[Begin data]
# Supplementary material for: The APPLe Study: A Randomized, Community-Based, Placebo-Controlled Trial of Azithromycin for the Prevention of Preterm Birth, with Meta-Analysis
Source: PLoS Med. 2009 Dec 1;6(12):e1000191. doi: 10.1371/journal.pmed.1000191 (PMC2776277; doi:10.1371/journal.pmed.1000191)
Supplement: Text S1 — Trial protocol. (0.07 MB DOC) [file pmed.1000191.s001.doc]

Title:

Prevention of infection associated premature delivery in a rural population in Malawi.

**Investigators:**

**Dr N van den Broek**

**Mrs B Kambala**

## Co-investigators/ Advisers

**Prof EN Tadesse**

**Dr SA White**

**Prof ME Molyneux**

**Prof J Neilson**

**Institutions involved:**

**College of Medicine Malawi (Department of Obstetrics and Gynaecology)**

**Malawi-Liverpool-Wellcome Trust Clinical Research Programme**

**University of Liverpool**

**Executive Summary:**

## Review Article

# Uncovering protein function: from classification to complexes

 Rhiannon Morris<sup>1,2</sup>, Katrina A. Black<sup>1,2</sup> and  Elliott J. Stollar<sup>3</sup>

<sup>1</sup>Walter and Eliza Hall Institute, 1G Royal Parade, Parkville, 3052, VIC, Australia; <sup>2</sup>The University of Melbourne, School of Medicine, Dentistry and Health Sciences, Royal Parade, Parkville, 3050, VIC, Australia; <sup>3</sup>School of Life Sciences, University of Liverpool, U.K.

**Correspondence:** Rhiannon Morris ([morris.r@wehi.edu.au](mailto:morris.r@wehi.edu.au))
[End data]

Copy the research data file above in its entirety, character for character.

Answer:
# Supplementary material for: The APPLe Study: A Randomized, Community-Based, Placebo-Controlled Trial of Azithromycin for the Prevention of Preterm Birth, with Meta-Analysis
Source: PLoS Med. 2009 Dec 1;6(12):e1000191. doi: 10.1371/journal.pmed.1000191 (PMC2776277; doi:10.1371/journal.pmed.1000191)
Supplement: Text S1 — Trial protocol. (0.07 MB DOC) [file pmed.1000191.s001.doc]

Title:

Prevention of infection associated premature delivery in a rural population in Malawi.

**Investigators:**

**Dr N van den Broek**

**Mrs B Kambala**

## Co-investigators/ Advisers

**Prof EN Tadesse**

**Dr SA White**

**Prof ME Molyneux**

**Prof J Neilson**

**Institutions involved:**

**College of Medicine Malawi (Department of Obstetrics and Gynaecology)**

**Malawi-Liverpool-Wellcome Trust Clinical Research Programme**

**University of Liverpool**

**Executive Summary:**

## Review Article

# Uncovering protein function: from classification to complexes

 Rhiannon Morris<sup>1,2</sup>, Katrina A. Black<sup>1,2</sup> and  Elliott J. Stollar<sup>3</sup>

<sup>1</sup>Walter and Eliza Hall Institute, 1G Royal Parade, Parkville, 3052, VIC, Australia; <sup>2</sup>The University of Melbourne, School of Medicine, Dentistry and Health Sciences, Royal Parade, Parkville, 3050, VIC, Australia; <sup>3</sup>School of Life Sciences, University of Liverpool, U.K.

**Correspondence:** Rhiannon Morris ([morris.r@wehi.edu.au](mailto:morris.r@wehi.edu.au))